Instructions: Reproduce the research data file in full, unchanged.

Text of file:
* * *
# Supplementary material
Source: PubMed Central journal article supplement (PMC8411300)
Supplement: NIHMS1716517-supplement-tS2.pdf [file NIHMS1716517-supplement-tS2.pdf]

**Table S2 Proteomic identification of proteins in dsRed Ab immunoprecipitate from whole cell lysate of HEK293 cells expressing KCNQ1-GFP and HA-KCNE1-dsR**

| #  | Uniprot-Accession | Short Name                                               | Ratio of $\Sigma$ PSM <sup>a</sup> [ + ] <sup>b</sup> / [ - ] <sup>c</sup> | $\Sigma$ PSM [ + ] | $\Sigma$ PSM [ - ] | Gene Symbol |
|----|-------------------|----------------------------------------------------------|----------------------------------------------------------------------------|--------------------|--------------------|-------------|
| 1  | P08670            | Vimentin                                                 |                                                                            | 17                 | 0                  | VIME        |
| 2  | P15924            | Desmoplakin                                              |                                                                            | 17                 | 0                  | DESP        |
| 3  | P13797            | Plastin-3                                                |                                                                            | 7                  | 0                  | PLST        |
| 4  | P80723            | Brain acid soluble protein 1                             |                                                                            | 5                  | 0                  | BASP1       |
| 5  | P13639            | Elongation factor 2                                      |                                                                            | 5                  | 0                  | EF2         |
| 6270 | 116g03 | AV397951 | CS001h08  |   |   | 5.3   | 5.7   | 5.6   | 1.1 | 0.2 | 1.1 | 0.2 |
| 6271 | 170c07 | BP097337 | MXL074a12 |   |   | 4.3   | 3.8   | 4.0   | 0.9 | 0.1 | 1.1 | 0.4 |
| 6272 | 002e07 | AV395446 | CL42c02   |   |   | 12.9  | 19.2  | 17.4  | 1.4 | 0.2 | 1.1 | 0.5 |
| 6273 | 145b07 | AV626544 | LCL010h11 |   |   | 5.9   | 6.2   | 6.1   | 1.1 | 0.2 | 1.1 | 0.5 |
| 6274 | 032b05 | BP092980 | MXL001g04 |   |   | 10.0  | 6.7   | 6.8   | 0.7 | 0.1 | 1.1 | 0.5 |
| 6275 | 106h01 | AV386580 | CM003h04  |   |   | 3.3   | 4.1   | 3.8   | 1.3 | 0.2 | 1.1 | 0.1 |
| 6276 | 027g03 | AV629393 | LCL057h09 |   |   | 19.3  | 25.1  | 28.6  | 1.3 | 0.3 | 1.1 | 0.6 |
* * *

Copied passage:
# Supplementary material
Source: PubMed Central journal article supplement (PMC8411300)
Supplement: NIHMS1716517-supplement-tS2.pdf [file NIHMS1716517-supplement-tS2.pdf]

**Table S2 Proteomic identification of proteins in dsRed Ab immunoprecipitate from whole cell lysate of HEK293 cells expressing KCNQ1-GFP and HA-KCNE1-dsR**

| #  | Uniprot-Accession | Short Name                                               | Ratio of $\Sigma$ PSM <sup>a</sup> [ + ] <sup>b</sup> / [ - ] <sup>c</sup> | $\Sigma$ PSM [ + ] | $\Sigma$ PSM [ - ] | Gene Symbol |
|----|-------------------|----------------------------------------------------------|----------------------------------------------------------------------------|--------------------|--------------------|-------------|
| 1  | P08670            | Vimentin                                                 |                                                                            | 17                 | 0                  | VIME        |
| 2  | P15924            | Desmoplakin                                              |                                                                            | 17                 | 0                  | DESP        |
| 3  | P13797            | Plastin-3                                                |                                                                            | 7                  | 0                  | PLST        |
| 4  | P80723            | Brain acid soluble protein 1                             |                                                                            | 5                  | 0                  | BASP1       |
| 5  | P13639            | Elongation factor 2                                      |                                                                            | 5                  | 0                  | EF2         |
| 6270 | 116g03 | AV397951 | CS001h08  |   |   | 5.3   | 5.7   | 5.6   | 1.1 | 0.2 | 1.1 | 0.2 |
| 6271 | 170c07 | BP097337 | MXL074a12 |   |   | 4.3   | 3.8   | 4.0   | 0.9 | 0.1 | 1.1 | 0.4 |
| 6272 | 002e07 | AV395446 | CL42c02   |   |   | 12.9  | 19.2  | 17.4  | 1.4 | 0.2 | 1.1 | 0.5 |
| 6273 | 145b07 | AV626544 | LCL010h11 |   |   | 5.9   | 6.2   | 6.1   | 1.1 | 0.2 | 1.1 | 0.5 |
| 6274 | 032b05 | BP092980 | MXL001g04 |   |   | 10.0  | 6.7   | 6.8   | 0.7 | 0.1 | 1.1 | 0.5 |
| 6275 | 106h01 | AV386580 | CM003h04  |   |   | 3.3   | 4.1   | 3.8   | 1.3 | 0.2 | 1.1 | 0.1 |
| 6276 | 027g03 | AV629393 | LCL057h09 |   |   | 19.3  | 25.1  | 28.6  | 1.3 | 0.3 | 1.1 | 0.6 |